The New York Department of Education announced this week that this year will be the last that it will administer an entrance exam for kindergarteners for the Gifted and Talented program.
“This will be the last year New York City administers this kindergarten test,” NYC Department of Education spokesperson Miranda Barbot said. “For our youngest learners, we must move forward and develop a system that reimagines accelerated learning and enrichment. At the same time, we want to honor the fact that families have been planning kindergarten admissions for many months now.”
New York City Mayor Bill de Blasio agreed it's time to find a "fairer" way to engage students.
The Gifted and Talented Test will be administered this April for the last time in this fashion. It’s a single test that carries FAR too much weight.— Mayor Bill de Blasio (@NYCMayor) January 13, 2021
We will create a fairer, more equitable way to engage our students. pic.twitter.com/65XTWXjPA3
The debate over standardized testing has raged for years. But the Gifted and Talented tests, supporters argue, allow advanced kids to learn at an appropriate pace. Critics, on the other hand, charge that the tests are unfair and create an environment that's severely lacking in diversity.
As NY Post contributor Karol Markowicz argued, "De Blasio hates gifted schooling because it exposes his failures."
The academic year has been disastrous. Remote learning is lousy, and as The Post reported recently, for a quarter of students at many city schools, it’s no learning at all, since they simply haven’t been showing up.
A twice-delayed reopening was followed by more closings and partial reopenings on the basis of unscientific metrics. State tests haven’t been scheduled, and Schools Chancellor Richard Carranza has openly hoped that President-elect Joe Biden will let New York skirt them. Middle-school admissions have moved to a ridiculous all-lottery system.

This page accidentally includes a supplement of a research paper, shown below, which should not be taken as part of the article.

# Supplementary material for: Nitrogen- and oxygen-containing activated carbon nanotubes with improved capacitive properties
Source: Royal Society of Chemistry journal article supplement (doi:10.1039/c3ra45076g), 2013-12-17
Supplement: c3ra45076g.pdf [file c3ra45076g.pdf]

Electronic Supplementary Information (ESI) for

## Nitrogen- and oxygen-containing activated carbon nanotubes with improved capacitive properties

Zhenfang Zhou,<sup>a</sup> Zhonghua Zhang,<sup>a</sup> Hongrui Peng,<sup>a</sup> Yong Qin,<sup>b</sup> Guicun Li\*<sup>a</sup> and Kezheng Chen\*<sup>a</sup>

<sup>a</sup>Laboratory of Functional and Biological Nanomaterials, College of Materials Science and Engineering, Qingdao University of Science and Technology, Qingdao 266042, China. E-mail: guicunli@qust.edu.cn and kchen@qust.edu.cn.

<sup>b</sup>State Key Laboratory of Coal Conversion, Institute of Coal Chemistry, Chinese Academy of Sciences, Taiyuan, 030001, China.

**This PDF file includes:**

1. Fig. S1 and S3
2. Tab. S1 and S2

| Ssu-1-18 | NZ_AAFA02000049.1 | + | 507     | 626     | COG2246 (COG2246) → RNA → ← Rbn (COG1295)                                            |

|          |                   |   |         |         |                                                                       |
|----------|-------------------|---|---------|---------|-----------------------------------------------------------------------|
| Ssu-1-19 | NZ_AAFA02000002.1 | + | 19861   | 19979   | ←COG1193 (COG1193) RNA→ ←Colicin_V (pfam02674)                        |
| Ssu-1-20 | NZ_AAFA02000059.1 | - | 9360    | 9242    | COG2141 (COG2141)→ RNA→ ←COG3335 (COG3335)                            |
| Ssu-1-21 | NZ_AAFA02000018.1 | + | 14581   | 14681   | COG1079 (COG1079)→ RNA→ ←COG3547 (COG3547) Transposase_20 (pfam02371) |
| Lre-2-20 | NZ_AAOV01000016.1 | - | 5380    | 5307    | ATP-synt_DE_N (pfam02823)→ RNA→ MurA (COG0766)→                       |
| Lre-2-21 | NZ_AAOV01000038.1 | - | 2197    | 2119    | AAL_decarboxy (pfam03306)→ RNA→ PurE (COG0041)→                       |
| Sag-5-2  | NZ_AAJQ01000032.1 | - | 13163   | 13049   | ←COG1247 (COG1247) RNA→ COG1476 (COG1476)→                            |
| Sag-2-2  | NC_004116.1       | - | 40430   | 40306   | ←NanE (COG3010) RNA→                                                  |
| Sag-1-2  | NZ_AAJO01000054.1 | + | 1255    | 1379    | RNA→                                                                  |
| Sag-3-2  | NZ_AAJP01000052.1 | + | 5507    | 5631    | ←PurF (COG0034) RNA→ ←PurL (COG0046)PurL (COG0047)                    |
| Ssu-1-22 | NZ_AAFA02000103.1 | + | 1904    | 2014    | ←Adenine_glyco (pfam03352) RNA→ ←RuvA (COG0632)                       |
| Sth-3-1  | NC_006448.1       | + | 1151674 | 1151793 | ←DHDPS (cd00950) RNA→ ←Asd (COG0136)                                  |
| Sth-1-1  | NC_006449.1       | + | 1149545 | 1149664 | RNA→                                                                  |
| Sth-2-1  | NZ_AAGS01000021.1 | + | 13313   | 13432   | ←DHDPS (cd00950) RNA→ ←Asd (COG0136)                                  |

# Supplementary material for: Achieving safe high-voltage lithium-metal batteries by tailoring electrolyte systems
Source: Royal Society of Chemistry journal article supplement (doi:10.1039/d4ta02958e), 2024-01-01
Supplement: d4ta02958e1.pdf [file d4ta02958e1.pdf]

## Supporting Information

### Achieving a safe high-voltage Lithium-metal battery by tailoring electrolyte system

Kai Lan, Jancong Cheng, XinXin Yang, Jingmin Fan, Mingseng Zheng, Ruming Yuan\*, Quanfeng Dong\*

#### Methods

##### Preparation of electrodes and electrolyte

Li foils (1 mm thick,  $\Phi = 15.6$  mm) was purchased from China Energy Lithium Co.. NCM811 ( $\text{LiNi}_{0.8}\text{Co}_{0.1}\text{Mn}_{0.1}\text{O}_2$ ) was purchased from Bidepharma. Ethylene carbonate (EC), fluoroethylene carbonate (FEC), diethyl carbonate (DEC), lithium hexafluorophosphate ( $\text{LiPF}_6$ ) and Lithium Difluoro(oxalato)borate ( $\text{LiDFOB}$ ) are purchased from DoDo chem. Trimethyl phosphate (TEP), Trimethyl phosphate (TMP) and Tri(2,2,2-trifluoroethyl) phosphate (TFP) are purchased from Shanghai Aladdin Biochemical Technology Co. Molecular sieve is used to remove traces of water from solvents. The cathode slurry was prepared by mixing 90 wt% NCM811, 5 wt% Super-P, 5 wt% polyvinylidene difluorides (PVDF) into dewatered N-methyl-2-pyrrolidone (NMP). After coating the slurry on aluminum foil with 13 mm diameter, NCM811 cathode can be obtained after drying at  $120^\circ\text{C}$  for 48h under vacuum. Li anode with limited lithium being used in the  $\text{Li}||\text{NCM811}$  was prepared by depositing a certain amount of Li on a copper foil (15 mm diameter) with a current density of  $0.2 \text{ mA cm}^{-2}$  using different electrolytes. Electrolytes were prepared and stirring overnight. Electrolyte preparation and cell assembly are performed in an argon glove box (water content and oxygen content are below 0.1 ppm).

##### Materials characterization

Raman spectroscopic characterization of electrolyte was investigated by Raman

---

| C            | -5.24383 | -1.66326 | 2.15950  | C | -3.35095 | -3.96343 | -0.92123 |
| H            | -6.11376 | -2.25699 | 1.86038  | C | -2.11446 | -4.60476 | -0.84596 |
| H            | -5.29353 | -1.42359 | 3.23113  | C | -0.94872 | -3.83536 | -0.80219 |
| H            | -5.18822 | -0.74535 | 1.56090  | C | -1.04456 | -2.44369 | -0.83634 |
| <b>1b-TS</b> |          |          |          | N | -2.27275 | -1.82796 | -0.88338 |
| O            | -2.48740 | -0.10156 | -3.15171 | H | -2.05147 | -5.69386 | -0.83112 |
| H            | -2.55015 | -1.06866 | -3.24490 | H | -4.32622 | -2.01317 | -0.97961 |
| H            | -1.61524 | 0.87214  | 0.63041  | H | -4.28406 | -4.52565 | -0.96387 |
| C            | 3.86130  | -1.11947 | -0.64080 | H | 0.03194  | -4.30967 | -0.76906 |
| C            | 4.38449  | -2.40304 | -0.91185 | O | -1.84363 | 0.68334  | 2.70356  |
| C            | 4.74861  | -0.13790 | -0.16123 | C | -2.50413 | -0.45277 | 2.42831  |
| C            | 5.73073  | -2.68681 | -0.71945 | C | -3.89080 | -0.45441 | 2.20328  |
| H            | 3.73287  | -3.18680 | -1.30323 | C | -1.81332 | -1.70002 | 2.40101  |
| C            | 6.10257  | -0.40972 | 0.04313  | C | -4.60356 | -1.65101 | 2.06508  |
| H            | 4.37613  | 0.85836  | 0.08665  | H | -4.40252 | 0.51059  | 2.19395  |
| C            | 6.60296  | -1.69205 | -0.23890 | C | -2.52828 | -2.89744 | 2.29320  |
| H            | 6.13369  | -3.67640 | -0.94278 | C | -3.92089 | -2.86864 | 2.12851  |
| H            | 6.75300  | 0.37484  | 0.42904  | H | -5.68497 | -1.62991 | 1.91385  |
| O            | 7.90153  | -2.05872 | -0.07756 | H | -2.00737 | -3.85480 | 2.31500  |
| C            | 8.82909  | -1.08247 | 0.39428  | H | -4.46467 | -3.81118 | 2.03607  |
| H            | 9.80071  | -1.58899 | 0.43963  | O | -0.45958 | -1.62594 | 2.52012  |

New York parents are flocking to the Gifted and Talented program, Markowicz continues, because "the majority of our schools are mediocrities, if not catastrophes."
Freshman Rep.-elect Nicole Malliotakis (R-NY) released her own charged statement about the officials' decision.
"G&T programs maximize students' full academic potential and accelerate the development of skills they'll need to be competitive in the real world," she writes.
Gifted & Talented education programs maximize students' full academic potential & accelerate the development of skills they need to be competitive. @BilldeBlasio & @DOEChancellor's attempts to eliminate these programs are a mistake.— Rep. Nicole Malliotakis (@RepMalliotakis) January 13, 2021
Read my full statement below ?? pic.twitter.com/MvEbRjXu2L
Parents posted similar concerns on social media.
"So you can hold back students who need to flourish, inclusion is great but when you hold students back, it's not," wrote one Twitter user. "Some kids just learn quicker or sorry are just smarter they shouldn't be held back. Stop dumbing down our students. Every student deserves a great education."
Andrew Yang announced on Wednesday that he's running against de Blasio for mayor this year. It wouldn't be out of the question to predict that some parents may vote for him.